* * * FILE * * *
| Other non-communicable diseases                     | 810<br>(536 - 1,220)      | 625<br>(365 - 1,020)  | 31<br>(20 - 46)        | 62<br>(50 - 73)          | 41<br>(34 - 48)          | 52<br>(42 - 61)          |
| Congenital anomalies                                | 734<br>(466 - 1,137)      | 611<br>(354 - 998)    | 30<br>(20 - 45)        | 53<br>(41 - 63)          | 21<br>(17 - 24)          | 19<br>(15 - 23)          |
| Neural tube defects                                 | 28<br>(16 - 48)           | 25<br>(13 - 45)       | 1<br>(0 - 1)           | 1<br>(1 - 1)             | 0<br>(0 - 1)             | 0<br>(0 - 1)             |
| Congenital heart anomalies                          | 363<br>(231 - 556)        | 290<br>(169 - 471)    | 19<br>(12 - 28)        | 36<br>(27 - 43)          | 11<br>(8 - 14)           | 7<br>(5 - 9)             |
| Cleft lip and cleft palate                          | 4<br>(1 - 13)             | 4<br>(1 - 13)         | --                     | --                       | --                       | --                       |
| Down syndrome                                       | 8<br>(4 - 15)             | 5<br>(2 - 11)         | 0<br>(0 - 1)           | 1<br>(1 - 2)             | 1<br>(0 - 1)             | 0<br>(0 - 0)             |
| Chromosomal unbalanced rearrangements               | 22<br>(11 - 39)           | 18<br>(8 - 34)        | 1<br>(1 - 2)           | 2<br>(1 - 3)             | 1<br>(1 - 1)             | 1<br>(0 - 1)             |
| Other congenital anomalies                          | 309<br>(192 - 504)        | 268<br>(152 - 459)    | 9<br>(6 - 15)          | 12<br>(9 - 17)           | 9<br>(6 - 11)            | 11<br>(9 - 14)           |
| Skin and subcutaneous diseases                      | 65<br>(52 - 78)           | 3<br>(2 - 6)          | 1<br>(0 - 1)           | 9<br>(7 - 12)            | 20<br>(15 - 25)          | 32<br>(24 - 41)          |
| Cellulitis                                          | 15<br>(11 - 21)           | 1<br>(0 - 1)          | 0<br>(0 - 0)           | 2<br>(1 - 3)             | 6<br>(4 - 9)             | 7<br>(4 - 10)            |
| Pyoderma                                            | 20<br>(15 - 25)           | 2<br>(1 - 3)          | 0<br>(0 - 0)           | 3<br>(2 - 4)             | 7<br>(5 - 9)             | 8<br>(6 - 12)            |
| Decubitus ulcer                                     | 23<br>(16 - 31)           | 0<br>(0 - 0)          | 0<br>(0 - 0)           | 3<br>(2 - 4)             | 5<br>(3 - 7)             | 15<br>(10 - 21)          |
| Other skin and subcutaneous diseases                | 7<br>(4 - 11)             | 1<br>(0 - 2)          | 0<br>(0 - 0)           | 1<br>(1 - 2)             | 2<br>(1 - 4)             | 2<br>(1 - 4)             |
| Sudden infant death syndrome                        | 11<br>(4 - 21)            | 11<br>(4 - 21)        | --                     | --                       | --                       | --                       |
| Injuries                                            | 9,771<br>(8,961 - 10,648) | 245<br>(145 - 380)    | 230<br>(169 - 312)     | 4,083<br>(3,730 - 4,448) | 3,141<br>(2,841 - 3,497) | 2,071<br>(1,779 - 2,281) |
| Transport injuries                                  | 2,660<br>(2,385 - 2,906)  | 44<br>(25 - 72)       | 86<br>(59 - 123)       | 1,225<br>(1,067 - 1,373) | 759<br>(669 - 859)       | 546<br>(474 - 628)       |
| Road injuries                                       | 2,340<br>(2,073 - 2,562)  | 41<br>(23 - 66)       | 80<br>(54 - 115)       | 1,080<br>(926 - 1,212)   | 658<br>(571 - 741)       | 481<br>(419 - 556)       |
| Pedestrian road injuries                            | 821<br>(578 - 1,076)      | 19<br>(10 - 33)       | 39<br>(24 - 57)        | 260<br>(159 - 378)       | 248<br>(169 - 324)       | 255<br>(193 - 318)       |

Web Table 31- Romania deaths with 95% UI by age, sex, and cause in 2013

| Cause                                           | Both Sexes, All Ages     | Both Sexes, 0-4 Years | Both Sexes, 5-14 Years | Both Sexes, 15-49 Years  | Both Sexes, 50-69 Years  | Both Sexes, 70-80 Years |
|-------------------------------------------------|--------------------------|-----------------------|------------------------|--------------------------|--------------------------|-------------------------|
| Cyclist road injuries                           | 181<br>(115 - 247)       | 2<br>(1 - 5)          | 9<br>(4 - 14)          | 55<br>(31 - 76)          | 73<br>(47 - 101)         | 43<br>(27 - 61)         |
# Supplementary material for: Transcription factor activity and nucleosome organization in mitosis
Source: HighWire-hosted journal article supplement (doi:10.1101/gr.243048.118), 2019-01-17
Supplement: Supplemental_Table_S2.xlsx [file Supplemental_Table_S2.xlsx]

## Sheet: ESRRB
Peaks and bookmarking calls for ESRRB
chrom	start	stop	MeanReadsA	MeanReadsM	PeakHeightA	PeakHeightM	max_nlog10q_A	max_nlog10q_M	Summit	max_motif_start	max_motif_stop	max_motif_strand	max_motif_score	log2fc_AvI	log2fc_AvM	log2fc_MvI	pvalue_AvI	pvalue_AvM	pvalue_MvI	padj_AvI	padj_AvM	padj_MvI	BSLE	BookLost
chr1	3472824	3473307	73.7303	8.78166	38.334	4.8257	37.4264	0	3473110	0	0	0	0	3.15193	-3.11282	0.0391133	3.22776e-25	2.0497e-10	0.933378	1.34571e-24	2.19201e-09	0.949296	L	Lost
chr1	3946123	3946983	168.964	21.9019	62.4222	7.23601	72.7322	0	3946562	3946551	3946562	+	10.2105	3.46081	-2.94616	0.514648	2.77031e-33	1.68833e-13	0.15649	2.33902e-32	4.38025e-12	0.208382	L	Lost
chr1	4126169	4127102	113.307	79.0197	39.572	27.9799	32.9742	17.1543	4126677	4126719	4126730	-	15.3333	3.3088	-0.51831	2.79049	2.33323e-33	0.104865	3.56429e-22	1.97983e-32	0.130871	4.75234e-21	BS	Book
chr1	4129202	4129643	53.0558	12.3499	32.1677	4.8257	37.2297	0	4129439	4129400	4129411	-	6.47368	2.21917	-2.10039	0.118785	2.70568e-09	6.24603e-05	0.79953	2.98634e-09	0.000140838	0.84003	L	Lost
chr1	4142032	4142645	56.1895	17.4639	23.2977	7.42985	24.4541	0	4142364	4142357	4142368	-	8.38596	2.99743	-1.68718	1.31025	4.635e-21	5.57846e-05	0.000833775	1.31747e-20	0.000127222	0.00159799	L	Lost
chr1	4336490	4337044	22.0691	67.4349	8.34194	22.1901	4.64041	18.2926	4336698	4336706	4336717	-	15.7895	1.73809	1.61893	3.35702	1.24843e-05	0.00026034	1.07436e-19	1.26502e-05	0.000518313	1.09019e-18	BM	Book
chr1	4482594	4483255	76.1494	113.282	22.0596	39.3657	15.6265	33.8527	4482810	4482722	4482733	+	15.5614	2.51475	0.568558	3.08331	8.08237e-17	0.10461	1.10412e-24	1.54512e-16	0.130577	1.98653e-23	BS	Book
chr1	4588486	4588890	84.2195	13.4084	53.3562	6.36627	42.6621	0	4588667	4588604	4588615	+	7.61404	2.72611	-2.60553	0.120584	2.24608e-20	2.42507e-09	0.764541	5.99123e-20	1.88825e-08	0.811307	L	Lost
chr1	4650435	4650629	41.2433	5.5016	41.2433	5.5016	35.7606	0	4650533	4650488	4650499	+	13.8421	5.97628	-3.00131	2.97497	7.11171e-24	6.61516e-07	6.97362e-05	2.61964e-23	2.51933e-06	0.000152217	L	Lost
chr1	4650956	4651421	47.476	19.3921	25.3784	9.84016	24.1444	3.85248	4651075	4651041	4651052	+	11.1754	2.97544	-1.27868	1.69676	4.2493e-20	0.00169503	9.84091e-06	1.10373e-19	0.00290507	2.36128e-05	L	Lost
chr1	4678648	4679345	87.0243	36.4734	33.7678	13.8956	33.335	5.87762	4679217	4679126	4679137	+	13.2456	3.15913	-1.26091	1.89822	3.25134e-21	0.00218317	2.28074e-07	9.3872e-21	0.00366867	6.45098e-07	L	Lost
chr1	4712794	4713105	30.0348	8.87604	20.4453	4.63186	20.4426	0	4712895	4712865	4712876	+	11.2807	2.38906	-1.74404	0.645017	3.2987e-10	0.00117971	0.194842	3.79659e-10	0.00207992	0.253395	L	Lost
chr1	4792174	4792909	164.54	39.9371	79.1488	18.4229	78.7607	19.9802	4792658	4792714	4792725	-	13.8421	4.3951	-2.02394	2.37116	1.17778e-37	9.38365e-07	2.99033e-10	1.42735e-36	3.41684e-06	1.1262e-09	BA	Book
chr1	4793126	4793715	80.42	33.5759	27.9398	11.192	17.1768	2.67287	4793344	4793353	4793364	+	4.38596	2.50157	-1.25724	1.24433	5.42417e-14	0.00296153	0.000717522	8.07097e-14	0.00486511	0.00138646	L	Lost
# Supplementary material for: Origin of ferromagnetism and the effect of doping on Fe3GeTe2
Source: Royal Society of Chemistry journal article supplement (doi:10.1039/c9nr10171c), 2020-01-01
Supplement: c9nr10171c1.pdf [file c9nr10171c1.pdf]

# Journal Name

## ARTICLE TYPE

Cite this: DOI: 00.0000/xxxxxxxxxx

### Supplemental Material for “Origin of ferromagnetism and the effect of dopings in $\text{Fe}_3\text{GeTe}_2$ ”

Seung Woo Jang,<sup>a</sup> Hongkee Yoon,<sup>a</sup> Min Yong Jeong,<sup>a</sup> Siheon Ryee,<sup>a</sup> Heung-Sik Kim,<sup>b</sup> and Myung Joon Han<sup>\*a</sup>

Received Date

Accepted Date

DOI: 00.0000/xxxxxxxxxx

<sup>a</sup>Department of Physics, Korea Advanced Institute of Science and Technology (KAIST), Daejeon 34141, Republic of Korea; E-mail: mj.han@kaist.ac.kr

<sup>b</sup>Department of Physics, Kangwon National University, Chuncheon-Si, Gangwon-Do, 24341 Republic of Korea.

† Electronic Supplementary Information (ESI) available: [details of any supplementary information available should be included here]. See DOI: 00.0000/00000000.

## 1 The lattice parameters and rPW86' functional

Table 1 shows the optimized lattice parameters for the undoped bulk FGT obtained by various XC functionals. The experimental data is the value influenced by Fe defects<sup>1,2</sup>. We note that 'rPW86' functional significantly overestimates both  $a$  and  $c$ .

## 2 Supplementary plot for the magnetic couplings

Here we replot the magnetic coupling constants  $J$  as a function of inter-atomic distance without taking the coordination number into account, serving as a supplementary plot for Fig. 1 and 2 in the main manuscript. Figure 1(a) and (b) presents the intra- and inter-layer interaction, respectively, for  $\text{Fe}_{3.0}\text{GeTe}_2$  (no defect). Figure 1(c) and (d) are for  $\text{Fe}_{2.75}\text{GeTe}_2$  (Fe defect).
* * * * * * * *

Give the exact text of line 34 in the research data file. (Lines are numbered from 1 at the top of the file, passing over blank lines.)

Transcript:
chr1	4336490	4337044	22.0691	67.4349	8.34194	22.1901	4.64041	18.2926	4336698	4336706	4336717	-	15.7895	1.73809	1.61893	3.35702	1.24843e-05	0.00026034	1.07436e-19	1.26502e-05	0.000518313	1.09019e-18	BM	Book